Native American Heritage

The Chesapeake Crossroads Heritage Area includes unique places that reflect our Native American Heritage, including archeological investigations that County archaeologists are working hard to interpret and share.

The Jug Bay Wetlands Sanctuary Complex is an ideal place to share the Native American story with heritage visitors, as it is now recognized as a highly significant and rare archaeological asset. Within a surprisingly small area, there are deeply stratified and relatively untouched archaeological sites representing 12,000 years of human occupation. Dozens of unique archaeological sites have been recorded and studied in the sanctuary and its partner properties, including the Glendening Nature Preserve and the Nature Preserve at Wayson’s Corner. These sites have yielded stone tools, decorative pottery, finely honed projectile points, and evidence of subsistence, trade, and even ancient social structures. The study of these sites provides a small but highly significant window into the rich Native American presence that dominated this area for millennia before Europeans arrived. While providing an important part of the Native American narrative, sites along the Patuxent River need to be understood in relationship to other Native American sites across the county. The densely packed heritage sites in and around Jug Bay, and along the Patuxent River, provide exciting potential for visitors, students, and citizens to explore the legacy and places where Native Americans lived for some 12,000 years.

Sites such as the Benson-Hammond House and Kuethe Library offer additional public venues for interpretation and exhibition of prehistoric artifacts, adding another means by which visitors can engage with Anne Arundel County’s Native American heritage.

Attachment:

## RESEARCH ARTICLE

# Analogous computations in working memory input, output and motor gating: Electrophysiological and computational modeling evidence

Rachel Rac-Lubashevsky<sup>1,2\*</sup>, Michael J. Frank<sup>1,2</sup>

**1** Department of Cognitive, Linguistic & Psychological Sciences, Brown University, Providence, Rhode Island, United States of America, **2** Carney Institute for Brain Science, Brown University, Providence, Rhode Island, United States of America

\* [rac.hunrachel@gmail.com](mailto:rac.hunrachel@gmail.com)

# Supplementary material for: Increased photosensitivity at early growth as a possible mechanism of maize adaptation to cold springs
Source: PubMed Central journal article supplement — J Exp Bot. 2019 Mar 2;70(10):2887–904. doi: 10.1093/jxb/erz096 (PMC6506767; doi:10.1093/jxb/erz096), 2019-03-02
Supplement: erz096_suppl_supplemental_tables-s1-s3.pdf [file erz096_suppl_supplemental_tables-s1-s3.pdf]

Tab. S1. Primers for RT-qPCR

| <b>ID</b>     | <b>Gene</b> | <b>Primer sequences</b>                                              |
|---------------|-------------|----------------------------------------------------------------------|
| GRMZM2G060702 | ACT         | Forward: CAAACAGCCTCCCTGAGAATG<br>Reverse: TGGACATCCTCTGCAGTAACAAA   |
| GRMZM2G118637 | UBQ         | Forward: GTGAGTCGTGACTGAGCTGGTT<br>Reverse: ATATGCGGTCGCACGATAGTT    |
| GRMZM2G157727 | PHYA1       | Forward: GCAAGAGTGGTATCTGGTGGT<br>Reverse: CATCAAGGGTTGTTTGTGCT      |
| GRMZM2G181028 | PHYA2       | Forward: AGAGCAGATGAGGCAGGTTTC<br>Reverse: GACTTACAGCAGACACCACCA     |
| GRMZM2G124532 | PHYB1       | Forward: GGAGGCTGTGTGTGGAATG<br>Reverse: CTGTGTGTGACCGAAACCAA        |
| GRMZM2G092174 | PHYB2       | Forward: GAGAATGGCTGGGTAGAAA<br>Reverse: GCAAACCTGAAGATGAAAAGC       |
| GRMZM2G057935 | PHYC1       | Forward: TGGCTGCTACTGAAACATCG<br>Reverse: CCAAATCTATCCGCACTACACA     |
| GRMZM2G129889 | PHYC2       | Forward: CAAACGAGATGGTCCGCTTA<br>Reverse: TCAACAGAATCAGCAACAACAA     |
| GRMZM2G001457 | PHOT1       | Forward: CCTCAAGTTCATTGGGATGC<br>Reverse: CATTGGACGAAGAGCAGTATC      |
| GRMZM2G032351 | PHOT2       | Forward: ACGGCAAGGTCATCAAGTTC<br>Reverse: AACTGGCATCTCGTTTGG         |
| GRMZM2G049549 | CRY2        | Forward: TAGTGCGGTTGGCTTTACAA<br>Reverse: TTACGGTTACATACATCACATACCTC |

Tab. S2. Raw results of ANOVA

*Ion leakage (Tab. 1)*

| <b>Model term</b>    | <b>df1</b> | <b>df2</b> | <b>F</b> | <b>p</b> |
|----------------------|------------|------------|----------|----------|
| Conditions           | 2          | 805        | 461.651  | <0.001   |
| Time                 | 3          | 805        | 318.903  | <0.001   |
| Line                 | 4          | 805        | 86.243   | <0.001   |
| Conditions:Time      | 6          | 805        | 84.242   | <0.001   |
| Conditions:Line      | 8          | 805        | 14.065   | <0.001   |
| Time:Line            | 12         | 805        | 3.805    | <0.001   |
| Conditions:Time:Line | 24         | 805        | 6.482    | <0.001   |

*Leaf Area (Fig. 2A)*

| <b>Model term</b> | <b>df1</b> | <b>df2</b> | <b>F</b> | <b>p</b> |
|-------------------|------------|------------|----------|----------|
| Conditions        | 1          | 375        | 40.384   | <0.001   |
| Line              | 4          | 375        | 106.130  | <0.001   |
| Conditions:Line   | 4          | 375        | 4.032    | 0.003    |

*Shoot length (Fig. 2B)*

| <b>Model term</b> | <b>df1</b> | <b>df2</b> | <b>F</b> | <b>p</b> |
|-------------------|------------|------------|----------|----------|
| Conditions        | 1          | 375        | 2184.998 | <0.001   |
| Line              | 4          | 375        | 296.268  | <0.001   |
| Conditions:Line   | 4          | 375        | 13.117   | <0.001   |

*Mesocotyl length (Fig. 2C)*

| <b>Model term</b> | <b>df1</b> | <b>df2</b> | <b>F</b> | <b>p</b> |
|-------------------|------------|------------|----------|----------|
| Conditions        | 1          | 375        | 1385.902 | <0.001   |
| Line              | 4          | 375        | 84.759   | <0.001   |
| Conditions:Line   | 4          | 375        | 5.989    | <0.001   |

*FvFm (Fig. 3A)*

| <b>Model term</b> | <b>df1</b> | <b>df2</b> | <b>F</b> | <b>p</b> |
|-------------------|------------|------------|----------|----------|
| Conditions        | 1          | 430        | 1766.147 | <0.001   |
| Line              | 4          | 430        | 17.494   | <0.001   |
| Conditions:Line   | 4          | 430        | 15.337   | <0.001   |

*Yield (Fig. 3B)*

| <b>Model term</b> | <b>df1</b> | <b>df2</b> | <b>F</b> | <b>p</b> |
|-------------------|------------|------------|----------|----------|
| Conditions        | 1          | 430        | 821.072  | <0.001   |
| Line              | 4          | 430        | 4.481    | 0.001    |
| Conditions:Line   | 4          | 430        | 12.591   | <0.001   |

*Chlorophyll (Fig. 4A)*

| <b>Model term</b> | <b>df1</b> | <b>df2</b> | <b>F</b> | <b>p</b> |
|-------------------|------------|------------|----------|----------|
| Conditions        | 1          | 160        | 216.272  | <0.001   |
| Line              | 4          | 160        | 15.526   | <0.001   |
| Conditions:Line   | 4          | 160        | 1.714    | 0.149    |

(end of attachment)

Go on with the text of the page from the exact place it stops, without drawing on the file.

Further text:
Visit the attractions below to learn more and continue to check back as more online content is added.

img20221202 14482190 1

This resource is still in development. Use this link to go directly to the toolbox:

The Museum of Historic Annapolis at 99 Main Street by City Dock shares the story of the earliest people in this region before the arrival of Europeans in the 1600s.  Algonquian-speaking Native American people made seasonal camps along the Severn River. Artifacts exhibited in the Museum that illustrate this story include projectile points, a grooved axe, and pottery sherds. They provide clues to the seasonal movements and activities of these Native Americans for thousands of years in this region including fishing and hunting.  Some of the artifacts date as far back as 3000 BCE.

A new exhibit at Historic London Town and Gardens describes the native people living in the area at the time of Colonial settlement, Read more here:

In a new exhibit at the Smithsonian Environmental Research Center‘s Woodlawn  History Center, artifacts tell the story of Native American use of this site as hunting and fishing grounds — as the original occupants of what is now SERC — along with the broader history of Native Americans in Maryland from pre-history through interaction with the colonists, and continued story to the present day.image004